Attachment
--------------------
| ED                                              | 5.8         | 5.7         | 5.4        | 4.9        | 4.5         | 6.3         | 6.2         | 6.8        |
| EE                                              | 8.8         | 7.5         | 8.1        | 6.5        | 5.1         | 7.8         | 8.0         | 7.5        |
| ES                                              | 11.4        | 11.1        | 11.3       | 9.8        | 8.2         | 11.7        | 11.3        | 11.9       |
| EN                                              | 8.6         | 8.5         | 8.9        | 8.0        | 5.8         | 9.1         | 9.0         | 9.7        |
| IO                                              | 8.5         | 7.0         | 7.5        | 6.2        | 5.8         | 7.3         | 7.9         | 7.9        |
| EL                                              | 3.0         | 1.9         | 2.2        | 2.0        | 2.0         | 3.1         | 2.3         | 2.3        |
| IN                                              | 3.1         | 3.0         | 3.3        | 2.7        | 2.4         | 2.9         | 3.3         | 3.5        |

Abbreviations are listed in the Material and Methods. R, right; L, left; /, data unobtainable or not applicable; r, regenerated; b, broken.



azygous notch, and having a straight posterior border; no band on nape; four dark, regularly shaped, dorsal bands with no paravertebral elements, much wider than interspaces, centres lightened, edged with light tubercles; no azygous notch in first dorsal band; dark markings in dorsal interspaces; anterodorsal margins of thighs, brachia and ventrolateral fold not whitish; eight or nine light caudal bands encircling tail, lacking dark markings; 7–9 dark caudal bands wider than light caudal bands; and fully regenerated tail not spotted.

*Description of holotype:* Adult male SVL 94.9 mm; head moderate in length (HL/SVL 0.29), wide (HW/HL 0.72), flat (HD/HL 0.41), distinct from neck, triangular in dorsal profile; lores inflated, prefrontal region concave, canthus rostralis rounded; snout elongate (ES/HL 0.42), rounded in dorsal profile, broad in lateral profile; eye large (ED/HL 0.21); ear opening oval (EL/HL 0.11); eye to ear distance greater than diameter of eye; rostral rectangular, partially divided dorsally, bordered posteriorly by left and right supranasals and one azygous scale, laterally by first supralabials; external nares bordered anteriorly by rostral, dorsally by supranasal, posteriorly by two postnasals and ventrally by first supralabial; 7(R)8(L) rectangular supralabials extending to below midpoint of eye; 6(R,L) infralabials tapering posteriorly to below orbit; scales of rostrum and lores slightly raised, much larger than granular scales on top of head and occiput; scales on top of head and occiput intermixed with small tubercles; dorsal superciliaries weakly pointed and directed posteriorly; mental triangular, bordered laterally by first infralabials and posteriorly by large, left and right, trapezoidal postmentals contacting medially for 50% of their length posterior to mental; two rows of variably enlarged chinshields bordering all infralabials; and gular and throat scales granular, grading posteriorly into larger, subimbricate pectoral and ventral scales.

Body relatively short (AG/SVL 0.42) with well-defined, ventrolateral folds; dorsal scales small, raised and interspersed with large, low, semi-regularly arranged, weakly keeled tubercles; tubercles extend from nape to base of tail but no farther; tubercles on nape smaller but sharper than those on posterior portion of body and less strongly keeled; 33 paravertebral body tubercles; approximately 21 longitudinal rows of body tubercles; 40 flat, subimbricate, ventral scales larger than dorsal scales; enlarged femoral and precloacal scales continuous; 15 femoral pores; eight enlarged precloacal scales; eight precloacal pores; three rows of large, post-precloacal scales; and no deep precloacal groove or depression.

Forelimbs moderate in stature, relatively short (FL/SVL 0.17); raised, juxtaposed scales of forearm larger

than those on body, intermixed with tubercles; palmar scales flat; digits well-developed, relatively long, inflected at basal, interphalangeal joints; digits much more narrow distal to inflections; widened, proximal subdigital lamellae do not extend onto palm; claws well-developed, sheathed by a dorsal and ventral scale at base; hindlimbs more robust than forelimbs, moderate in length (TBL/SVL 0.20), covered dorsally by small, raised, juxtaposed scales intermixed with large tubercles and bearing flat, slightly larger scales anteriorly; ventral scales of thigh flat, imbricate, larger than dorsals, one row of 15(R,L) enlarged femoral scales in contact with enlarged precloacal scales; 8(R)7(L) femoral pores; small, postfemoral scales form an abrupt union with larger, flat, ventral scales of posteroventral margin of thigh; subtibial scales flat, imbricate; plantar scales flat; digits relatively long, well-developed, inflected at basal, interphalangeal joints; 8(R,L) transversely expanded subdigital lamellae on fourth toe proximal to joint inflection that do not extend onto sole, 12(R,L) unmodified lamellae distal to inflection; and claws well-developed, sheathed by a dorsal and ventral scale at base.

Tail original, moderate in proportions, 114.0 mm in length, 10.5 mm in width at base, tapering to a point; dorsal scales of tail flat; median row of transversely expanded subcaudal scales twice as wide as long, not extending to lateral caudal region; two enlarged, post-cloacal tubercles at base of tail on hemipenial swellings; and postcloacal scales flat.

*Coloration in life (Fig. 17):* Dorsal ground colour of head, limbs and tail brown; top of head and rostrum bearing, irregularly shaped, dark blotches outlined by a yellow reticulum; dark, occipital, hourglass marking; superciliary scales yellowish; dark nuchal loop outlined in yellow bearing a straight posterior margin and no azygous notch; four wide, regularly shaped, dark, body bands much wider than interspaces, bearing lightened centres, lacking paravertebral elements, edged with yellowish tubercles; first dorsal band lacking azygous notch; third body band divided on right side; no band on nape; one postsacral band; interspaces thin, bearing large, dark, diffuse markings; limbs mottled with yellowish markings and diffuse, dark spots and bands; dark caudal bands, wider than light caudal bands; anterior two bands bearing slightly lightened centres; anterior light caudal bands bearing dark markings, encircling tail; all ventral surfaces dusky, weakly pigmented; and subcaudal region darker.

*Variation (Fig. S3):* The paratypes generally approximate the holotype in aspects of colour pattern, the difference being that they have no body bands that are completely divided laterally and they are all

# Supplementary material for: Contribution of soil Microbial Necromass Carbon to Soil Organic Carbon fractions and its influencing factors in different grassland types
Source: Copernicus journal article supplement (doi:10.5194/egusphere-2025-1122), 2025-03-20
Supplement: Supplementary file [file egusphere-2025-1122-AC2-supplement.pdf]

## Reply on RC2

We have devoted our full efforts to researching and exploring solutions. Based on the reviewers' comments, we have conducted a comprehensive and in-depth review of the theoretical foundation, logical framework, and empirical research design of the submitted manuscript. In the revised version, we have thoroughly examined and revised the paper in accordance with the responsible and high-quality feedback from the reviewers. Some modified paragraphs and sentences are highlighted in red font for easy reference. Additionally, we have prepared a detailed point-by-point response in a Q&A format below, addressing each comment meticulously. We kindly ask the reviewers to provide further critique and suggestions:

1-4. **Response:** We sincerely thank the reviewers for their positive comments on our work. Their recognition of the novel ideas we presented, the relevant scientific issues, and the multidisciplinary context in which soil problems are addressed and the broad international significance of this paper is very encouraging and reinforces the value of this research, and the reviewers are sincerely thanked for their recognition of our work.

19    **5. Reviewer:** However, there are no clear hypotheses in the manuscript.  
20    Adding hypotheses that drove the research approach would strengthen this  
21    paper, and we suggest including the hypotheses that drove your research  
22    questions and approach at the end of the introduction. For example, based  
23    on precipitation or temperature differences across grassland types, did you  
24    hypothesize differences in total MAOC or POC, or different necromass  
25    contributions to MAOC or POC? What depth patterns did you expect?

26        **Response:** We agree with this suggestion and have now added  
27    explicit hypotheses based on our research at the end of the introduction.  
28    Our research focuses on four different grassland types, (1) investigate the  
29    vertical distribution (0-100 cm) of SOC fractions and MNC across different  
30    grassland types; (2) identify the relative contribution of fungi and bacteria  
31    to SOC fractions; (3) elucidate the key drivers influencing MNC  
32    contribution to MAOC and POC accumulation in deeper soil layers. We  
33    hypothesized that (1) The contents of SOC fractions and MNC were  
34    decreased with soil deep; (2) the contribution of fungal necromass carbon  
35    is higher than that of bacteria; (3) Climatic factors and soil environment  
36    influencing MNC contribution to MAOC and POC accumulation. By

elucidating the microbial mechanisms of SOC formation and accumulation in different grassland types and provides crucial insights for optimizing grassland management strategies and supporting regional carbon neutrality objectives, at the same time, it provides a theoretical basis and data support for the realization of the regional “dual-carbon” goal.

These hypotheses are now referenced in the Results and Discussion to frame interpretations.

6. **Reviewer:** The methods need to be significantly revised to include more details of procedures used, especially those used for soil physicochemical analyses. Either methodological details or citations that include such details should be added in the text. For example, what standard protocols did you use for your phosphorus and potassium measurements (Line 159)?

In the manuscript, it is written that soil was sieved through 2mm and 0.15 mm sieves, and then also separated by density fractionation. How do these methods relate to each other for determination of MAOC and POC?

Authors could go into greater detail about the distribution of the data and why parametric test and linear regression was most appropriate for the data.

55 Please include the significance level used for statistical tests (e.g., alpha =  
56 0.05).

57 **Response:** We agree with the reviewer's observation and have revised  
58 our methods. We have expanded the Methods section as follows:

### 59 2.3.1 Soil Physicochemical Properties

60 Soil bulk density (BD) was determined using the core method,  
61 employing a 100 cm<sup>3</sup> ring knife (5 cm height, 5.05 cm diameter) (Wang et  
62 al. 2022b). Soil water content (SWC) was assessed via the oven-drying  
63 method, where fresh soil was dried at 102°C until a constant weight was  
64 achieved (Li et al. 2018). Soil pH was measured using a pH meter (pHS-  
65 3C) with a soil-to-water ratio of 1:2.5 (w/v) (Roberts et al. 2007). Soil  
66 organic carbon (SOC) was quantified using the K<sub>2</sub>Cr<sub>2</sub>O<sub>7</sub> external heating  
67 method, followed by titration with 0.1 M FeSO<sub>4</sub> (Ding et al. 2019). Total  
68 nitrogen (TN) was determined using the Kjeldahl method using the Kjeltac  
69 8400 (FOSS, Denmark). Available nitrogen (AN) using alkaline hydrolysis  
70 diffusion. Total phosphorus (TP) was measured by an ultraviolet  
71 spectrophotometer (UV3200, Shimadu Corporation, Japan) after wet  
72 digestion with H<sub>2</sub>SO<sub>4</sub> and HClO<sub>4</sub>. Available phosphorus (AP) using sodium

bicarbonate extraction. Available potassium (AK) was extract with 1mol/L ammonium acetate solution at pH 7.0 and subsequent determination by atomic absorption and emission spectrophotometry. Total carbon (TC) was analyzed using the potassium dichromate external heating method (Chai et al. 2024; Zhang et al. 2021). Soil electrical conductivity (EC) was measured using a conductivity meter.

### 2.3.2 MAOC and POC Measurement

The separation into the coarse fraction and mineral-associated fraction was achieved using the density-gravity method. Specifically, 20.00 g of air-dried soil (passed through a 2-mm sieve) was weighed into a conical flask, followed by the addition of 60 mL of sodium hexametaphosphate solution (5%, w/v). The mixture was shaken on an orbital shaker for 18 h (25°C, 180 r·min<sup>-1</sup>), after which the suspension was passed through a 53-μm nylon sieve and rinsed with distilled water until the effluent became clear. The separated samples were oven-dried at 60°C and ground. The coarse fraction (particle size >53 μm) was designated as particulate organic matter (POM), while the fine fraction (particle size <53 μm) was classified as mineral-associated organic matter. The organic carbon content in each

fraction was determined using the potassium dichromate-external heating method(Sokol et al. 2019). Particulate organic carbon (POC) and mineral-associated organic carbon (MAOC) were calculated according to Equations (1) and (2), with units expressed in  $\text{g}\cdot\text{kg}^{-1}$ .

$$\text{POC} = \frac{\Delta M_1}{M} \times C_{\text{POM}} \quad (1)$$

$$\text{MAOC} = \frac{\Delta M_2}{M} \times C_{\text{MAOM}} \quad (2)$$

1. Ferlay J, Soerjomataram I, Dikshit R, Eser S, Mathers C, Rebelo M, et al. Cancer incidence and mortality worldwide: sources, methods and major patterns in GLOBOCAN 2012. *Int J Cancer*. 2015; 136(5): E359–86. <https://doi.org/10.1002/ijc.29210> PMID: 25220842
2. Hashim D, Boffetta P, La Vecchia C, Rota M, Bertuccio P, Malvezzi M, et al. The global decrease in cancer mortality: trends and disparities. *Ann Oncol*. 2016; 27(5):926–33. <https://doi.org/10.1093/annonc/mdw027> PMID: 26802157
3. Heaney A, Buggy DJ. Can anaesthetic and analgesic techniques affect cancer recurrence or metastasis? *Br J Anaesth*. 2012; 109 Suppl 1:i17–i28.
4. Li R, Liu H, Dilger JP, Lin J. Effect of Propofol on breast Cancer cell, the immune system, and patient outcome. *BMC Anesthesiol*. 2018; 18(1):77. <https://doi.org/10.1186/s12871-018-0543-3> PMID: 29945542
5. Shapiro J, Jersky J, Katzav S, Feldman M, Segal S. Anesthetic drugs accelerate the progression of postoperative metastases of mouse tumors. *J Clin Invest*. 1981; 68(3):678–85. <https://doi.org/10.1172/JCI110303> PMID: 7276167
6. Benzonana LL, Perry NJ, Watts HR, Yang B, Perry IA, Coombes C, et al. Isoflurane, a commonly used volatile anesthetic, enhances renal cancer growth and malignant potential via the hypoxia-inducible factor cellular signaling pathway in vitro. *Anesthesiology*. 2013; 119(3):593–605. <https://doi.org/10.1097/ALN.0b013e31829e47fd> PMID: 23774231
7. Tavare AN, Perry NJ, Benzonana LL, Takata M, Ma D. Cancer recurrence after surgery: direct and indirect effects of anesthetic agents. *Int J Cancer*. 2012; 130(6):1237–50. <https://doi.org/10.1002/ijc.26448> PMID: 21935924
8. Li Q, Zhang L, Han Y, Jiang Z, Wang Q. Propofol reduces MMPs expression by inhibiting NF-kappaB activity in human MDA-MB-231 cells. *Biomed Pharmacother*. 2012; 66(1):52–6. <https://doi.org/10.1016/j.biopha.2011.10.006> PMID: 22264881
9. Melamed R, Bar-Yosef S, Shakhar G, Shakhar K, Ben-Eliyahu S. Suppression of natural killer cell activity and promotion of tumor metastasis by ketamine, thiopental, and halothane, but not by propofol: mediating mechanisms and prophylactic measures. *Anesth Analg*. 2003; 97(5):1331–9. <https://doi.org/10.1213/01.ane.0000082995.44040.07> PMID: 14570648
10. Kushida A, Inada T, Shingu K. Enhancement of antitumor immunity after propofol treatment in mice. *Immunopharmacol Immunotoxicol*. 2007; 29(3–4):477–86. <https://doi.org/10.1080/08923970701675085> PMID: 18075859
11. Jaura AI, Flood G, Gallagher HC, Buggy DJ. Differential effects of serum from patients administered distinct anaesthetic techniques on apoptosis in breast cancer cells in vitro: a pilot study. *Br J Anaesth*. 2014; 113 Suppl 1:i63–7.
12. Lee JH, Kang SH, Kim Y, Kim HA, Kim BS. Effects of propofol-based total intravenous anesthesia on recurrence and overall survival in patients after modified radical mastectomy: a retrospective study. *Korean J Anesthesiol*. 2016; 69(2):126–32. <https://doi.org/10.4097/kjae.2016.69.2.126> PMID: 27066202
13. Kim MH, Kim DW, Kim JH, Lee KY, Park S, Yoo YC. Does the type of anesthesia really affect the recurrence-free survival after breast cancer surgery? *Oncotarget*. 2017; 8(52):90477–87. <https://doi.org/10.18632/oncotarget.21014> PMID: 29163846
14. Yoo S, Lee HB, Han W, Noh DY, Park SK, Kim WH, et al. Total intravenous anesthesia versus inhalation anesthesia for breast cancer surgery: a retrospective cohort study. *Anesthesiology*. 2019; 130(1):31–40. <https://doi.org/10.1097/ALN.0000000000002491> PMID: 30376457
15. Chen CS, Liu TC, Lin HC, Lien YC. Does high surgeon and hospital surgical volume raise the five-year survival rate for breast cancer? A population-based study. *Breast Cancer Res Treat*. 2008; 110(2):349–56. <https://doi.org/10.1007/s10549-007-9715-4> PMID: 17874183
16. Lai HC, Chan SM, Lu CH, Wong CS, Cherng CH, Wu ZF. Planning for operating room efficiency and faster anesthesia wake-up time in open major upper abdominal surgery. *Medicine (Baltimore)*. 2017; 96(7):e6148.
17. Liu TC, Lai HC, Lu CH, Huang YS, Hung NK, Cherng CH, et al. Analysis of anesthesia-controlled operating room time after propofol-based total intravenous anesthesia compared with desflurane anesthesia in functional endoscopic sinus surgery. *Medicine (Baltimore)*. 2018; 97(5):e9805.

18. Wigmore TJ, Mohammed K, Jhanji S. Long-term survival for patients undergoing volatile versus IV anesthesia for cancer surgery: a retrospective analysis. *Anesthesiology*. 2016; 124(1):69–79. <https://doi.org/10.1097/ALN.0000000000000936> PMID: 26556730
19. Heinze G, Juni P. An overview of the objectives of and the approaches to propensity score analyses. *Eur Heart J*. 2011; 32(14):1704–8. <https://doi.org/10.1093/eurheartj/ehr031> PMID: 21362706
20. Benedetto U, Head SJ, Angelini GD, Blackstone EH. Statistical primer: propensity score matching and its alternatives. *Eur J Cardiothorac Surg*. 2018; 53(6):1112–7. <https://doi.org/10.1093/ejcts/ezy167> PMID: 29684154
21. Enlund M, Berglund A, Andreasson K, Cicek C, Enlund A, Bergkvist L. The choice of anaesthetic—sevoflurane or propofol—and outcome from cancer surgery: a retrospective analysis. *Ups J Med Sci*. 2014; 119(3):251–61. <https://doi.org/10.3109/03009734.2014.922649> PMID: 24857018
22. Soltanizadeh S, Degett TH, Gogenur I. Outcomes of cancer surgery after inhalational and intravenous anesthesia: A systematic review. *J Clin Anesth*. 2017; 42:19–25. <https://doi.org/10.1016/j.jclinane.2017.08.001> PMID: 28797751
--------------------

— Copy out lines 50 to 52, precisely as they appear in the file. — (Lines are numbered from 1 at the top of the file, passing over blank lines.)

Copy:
### 59 2.3.1 Soil Physicochemical Properties

60 Soil bulk density (BD) was determined using the core method,  
61 employing a 100 cm<sup>3</sup> ring knife (5 cm height, 5.05 cm diameter) (Wang et  